We need same-sex couples as love interests in sitcoms without one of them dying at the end; we need non-binary people playing leads; and we need to completely scrap the idea that only “beautiful” people can be on screen. We don’t need a big deal made out of it. I don’t want to hear the ins and outs of every single gay character’s coming-out story. I just want normal people on screen. People who love like me, without it being extreme, or fetishised.


I don’t want to have to watch The L Word to see two girls kissing on screen (which I haven’t seen, by the way; it’s not an entry requirement for becoming a lesbian). I want kids to see queer people on screen so that our existence is acknowledged. So they don’t grow up feeling unusual or weird. So that their tiny gay feelings are validated and they’re not hiding under their covers and clearing their history.


The L Word ran from 2004 to 2009.

Changing the industry


So what can acting institutions actually do to create an open and inclusive dialogue with their queer students?


After speaking to some of my queer peers (what brilliant rhyming) it's clear across the board that the one thing they needed to feel supported during their training is communication. More specifically, this means an open dialogue, acknowledging the diversity among the cohorts and actively asking questions, and learning what's best for individuals so that they can feel comfortable – so they can turn up every day being supported and seen.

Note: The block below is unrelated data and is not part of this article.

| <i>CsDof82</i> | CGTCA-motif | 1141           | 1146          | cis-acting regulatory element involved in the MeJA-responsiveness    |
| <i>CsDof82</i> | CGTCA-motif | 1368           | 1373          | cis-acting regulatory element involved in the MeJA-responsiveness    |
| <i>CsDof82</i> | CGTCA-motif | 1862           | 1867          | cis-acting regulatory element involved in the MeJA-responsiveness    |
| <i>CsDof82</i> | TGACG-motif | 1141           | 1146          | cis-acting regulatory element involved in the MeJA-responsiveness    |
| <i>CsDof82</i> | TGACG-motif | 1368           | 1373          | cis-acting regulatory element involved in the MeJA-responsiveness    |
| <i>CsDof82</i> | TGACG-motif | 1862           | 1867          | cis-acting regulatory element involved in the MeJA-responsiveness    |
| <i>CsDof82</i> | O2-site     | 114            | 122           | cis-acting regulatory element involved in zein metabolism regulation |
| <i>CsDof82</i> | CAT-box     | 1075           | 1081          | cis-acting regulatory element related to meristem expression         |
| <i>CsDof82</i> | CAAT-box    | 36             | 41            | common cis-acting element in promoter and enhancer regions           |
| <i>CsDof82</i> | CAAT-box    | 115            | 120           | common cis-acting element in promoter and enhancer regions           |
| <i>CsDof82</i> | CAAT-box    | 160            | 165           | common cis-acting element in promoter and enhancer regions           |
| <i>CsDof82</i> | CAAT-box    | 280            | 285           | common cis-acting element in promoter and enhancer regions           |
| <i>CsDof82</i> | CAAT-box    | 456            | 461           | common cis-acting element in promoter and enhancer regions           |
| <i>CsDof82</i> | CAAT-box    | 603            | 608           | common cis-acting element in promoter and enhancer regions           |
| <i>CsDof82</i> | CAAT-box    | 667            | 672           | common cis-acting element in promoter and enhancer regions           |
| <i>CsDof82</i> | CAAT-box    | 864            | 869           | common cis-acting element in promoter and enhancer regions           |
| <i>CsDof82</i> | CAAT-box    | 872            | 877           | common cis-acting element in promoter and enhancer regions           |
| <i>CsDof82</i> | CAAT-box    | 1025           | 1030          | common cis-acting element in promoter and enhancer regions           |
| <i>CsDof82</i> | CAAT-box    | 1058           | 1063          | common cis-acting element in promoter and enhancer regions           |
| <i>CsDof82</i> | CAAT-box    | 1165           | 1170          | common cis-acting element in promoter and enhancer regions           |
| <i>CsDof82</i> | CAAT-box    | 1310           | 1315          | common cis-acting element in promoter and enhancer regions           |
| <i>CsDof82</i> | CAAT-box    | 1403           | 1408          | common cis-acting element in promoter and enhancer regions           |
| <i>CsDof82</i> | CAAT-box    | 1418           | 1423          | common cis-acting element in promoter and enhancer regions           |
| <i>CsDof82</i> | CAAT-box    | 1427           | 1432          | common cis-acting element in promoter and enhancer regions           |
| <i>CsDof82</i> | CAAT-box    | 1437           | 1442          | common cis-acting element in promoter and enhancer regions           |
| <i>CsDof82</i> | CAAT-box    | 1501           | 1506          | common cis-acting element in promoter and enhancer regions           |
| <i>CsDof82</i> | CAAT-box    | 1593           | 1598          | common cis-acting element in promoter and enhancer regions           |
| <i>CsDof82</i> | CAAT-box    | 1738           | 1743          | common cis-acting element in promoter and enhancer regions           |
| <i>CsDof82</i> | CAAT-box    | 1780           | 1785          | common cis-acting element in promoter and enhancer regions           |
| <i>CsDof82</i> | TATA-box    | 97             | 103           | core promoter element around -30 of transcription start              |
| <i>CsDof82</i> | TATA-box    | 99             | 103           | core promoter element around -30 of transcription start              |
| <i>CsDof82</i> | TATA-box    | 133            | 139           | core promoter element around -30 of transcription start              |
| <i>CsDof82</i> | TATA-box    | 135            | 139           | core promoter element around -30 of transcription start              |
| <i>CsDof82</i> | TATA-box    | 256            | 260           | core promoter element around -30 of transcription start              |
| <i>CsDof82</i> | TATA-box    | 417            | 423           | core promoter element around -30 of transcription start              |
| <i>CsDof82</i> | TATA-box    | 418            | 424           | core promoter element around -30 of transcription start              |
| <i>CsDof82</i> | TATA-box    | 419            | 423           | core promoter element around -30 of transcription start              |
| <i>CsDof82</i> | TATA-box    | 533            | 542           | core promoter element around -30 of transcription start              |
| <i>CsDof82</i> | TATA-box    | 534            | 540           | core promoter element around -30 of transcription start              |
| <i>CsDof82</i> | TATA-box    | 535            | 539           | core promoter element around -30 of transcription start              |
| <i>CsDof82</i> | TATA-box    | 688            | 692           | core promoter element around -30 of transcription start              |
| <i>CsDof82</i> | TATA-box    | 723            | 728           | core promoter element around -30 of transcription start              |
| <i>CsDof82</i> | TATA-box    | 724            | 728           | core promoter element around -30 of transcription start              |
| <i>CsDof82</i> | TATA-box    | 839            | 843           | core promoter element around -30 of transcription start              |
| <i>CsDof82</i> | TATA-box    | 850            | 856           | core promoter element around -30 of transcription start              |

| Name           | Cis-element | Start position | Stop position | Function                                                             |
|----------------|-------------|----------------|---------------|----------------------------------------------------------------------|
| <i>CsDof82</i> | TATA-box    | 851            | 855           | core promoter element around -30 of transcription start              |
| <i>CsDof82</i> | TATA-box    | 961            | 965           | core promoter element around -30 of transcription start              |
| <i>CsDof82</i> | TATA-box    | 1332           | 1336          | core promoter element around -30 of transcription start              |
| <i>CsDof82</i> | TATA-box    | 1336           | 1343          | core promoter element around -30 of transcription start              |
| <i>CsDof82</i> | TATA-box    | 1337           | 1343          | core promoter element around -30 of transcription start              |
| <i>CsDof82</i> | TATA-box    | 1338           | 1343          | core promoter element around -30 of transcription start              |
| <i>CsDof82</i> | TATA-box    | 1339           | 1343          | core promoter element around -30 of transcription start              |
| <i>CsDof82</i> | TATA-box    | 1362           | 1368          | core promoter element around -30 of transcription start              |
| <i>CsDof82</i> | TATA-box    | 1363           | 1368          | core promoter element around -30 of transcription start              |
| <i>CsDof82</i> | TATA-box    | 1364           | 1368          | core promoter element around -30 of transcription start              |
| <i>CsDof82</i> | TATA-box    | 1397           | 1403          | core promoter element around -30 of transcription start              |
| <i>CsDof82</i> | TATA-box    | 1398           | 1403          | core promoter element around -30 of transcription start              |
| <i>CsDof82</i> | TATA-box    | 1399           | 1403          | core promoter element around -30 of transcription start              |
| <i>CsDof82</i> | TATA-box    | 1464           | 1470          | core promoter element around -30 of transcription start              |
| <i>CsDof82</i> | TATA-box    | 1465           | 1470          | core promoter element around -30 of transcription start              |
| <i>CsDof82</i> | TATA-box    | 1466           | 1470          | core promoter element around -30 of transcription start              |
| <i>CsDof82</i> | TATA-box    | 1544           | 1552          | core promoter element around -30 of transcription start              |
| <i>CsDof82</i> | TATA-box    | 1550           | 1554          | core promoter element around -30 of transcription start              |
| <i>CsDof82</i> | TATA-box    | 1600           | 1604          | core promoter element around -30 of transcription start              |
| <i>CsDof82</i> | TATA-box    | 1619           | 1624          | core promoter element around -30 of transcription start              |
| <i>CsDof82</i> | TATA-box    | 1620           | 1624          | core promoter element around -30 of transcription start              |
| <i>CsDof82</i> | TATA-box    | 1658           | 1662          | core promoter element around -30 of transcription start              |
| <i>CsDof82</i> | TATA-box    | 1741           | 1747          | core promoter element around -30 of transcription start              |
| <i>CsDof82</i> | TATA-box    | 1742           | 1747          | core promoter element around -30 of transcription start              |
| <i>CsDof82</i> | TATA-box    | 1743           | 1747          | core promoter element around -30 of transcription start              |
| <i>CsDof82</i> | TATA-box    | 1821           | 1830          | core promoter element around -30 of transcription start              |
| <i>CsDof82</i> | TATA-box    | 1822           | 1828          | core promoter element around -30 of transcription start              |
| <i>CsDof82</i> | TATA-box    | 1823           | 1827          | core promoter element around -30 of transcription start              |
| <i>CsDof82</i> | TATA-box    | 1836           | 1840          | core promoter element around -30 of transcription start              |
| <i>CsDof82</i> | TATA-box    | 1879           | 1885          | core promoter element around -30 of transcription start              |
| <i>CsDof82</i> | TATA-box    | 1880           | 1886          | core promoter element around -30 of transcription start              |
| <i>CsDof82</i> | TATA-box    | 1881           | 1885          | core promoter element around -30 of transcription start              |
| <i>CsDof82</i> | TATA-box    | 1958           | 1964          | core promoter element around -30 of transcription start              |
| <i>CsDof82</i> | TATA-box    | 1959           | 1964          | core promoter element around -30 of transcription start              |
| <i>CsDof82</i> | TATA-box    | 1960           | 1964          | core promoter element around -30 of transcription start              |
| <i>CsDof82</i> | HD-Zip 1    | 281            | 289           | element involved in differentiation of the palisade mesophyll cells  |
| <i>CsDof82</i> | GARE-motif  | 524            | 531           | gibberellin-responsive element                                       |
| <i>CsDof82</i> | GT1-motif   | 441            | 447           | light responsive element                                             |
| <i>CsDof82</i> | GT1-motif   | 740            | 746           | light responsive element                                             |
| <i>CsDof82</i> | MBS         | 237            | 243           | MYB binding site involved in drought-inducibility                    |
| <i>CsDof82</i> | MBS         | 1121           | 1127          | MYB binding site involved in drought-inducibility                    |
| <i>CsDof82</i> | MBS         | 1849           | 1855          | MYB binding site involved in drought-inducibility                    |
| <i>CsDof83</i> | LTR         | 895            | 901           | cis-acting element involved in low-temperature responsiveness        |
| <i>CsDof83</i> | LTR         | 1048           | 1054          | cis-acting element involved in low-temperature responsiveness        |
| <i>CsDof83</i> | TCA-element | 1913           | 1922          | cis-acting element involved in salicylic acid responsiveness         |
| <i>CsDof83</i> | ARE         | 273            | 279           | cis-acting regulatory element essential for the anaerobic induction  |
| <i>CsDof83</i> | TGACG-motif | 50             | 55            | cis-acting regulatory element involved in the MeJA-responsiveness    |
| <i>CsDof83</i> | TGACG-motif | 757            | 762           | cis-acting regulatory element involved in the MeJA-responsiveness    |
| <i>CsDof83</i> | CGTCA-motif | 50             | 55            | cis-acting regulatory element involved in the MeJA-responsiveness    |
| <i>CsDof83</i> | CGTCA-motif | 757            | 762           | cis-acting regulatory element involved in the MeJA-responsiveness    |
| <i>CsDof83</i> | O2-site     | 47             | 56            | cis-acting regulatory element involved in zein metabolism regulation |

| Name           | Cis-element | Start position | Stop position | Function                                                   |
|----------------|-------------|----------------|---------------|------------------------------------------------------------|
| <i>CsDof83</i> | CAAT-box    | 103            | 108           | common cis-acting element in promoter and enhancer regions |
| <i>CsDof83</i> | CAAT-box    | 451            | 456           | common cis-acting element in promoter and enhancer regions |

So here’s a good place to start:


PRONOUNS: Introducing yourself and including your pronouns before asking for other peoples opens a neutral and comforting dialogue about pronouns. It makes students feel comfortable informing you of their own. Make sure to use people's correct pronouns and correct yourself and students if they slip up.


PRESUMPTIONS: Don’t presume anyone’s pronouns or sexuality. It can make things incredibly awkward and leaves people feeling uncomfortable as everyone is on a different journey with their sexuality and pronouns.